I’ve configured my WatchGuard Firebox with HTTPS Deep Inspection. This feature allows WatchGuard’s security services, such as GAV and Intrusion Prevention Service (IPS), to run security scans even on encrypted web traffic, like the webmail I was using to download this ransomware. Despite the encrypted webmail connection, our Firebox detected and blocked the Locky invoice file with the GAV service. It was unable to reach my workstation.
As you can see, WatchGuard XTM and Firebox appliances have several features that can help prevent ransomware like Locky. However, these protections only work if you turn them on and configure them properly. If you want to keep Locky off your network , I highly recommend you read the Knowledgebase Article “How to prevent ransomware and other malicious malware with your Firebox” — Jonas Spieckermann
- A great write-up of the Locky ransomware – Bleeping Computer
- Locky ransomware spreading via a Word document – Medium
- Locky gets past some Endpoint AV – Medium
- A new Locky evasion technique – Medium
- Virus Total link to the sample testing in this post – VirusTotal
Scott Saxby (@Saxbeh) says
Excellent write-up. Nice to see details behind the behaviors of a new Ransomware variant.
Riley Ryan says
I remediated several cases of “Locky” last week. Pretty much the same ransomware I have seen before they just changed up where it is in the registry…
Good to know it has been identified.
Sam Pegg says
AppLocker is another great line of defense if anything liek this does manage to get through
Jonas, I have a firewall noob question. If this malicious email made it into your spam folder and you had opened it from outlook or another non-webmail application, isn’t the file effectively on your system? When you try to open it up at that point, do any of the above mentioned services actually do anything to prevent you from getting infected if you have macros enabled?
Corey Nachreiner says
I’ll try to response in lieu of Jonas. This really depends on the settings of your firewall. If you are using a WatchGuard Firebox, with all the UTM services, there is a good chance our GAV or APT Blocker services would strip the Word or Excel attachment even before the message gets “spammed”. So even if we saved the message in quarantine if we recognized it as spam, our proxies and security services may have already stripped the malicious attachment, in which case you could not recover it in quarantine.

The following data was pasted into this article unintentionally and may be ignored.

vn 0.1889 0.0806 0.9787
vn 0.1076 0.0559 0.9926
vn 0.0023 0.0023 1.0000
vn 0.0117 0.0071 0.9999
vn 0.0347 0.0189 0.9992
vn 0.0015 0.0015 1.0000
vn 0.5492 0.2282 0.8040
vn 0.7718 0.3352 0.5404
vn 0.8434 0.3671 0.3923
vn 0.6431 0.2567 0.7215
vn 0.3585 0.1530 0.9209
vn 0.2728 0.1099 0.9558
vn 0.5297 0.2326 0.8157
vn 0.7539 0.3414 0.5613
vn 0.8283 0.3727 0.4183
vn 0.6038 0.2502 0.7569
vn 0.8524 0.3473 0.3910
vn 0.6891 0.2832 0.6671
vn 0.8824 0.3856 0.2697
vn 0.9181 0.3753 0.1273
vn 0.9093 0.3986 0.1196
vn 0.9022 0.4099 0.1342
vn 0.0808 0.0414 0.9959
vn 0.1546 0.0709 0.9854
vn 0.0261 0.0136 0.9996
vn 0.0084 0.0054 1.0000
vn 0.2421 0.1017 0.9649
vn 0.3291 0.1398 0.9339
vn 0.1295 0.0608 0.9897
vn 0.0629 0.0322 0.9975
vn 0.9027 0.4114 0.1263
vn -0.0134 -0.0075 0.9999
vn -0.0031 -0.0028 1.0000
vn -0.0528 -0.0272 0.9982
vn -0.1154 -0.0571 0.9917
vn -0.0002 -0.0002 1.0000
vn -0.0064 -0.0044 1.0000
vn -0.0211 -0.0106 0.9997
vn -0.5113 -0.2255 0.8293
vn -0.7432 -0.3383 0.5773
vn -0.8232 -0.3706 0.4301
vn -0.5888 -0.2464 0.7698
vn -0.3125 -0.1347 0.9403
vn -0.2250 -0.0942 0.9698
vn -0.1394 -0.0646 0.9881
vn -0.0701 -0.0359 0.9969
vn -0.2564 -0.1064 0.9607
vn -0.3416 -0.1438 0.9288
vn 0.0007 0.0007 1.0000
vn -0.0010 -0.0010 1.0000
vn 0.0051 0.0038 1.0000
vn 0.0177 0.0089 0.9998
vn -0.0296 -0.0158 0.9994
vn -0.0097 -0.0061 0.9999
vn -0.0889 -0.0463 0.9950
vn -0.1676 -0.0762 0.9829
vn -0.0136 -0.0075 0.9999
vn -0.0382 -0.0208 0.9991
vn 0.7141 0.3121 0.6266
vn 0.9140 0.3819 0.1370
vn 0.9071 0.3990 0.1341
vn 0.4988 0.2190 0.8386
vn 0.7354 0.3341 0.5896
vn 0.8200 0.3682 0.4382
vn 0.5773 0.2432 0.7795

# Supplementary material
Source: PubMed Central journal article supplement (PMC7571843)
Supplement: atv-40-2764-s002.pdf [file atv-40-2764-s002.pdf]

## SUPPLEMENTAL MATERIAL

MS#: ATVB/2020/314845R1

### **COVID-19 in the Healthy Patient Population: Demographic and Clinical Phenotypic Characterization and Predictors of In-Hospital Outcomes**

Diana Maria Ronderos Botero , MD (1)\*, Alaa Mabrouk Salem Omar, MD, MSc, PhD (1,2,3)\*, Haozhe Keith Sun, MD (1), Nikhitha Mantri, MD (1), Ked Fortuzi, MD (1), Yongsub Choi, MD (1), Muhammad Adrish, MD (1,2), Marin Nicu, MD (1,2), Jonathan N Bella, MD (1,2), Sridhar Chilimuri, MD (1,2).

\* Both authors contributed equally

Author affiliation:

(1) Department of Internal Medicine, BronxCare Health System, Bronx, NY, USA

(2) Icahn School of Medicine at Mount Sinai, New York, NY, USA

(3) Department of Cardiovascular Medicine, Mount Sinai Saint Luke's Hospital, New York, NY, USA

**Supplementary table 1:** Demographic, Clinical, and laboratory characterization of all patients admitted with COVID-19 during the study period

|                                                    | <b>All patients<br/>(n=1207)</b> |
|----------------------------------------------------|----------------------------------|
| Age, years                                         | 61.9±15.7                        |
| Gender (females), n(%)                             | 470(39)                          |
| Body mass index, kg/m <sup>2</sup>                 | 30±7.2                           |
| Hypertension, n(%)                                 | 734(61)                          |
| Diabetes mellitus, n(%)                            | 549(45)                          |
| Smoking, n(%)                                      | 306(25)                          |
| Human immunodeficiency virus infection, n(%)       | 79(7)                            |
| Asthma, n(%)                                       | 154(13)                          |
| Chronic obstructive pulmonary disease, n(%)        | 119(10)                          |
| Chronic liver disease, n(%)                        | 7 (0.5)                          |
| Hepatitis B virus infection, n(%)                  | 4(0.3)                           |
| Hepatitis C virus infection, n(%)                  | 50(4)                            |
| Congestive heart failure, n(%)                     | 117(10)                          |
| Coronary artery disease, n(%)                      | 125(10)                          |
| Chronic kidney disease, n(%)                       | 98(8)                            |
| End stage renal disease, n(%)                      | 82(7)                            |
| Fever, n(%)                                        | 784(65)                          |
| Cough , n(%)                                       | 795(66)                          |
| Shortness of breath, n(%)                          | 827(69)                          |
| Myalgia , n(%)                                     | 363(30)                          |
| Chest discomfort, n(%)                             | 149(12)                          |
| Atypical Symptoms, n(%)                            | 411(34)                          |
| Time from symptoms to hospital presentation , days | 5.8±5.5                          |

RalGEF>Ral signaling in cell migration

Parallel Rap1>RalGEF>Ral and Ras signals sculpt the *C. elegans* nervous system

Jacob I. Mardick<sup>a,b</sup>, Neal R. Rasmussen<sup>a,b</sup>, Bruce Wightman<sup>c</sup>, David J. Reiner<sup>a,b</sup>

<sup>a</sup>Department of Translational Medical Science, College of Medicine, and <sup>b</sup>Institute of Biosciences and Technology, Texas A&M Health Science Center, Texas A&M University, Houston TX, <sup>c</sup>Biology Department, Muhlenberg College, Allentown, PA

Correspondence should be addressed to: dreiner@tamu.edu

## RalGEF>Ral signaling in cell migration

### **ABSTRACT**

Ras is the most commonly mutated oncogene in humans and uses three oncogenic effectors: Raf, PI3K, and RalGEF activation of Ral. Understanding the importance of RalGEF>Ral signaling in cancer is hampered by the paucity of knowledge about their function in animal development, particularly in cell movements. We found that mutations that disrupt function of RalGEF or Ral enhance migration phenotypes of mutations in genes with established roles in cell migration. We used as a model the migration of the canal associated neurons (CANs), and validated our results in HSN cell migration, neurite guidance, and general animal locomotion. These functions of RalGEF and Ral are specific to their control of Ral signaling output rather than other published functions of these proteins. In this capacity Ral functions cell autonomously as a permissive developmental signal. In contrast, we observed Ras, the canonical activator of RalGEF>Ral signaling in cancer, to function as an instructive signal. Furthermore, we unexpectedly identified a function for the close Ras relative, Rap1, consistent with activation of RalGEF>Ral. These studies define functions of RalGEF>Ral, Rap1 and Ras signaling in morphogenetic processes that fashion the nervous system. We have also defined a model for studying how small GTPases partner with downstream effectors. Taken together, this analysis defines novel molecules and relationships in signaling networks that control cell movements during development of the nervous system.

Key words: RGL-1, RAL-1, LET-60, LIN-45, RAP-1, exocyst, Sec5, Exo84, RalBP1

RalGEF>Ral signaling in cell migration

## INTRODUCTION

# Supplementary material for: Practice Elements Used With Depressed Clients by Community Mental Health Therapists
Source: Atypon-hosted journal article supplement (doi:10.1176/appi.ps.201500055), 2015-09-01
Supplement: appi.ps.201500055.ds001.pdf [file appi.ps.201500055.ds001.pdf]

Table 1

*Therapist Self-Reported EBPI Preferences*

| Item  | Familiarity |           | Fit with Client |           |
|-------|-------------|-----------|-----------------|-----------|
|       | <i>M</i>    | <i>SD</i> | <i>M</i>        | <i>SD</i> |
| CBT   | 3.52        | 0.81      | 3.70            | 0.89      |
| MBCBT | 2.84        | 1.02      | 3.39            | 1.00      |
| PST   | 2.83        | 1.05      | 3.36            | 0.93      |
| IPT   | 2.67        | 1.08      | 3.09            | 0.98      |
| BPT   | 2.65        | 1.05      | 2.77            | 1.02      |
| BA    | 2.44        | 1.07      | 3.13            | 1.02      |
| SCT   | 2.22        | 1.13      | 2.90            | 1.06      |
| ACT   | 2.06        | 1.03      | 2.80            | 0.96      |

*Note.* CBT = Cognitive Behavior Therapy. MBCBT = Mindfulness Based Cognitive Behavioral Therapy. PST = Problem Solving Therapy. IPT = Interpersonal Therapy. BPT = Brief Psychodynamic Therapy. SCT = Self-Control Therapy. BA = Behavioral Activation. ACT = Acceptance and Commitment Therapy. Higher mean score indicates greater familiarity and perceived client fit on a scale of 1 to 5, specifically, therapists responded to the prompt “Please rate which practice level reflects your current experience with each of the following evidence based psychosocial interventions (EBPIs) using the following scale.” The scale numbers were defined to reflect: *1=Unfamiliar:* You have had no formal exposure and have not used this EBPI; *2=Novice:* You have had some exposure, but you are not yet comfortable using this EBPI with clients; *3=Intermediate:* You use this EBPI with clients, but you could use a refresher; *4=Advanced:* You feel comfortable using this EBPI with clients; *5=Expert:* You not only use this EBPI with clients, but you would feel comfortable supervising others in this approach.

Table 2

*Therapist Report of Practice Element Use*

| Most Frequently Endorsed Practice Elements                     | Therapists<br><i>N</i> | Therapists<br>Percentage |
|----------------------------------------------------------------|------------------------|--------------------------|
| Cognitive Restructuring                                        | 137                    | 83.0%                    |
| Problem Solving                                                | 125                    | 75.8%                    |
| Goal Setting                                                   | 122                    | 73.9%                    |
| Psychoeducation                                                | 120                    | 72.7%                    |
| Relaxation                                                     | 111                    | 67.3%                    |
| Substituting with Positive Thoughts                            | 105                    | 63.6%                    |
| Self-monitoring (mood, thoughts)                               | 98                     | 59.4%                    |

That said, if the attachment itself does make it with the message, then yes, if your user opened the attachment from quarantine they could get infected. In that case, though, our Firebox may actually recognize the command and control call home with Web Blocker (as Jonas mentioned) so at the very least, our reports could help you identify the infected computer in your network.
hello is there anyway to decrypt the files affected by locky? not using shadow copies nor system restauration, but some decryptor software?
Hello. My small office was infected yesterday with locky. We have run Malwarebytes, spybot, and they have found and eliminated many threats. However none of them were named anything similar to locky. Is there anyway to identify which computer on the small network (6 pcs’) is the infected station? I have followed the instruction I read to look at the owner of the “help” file, but each pc names that pc as the owner of the file. If I can identify the infected pc I can just remove it from the network. Thanks very much for any help with this.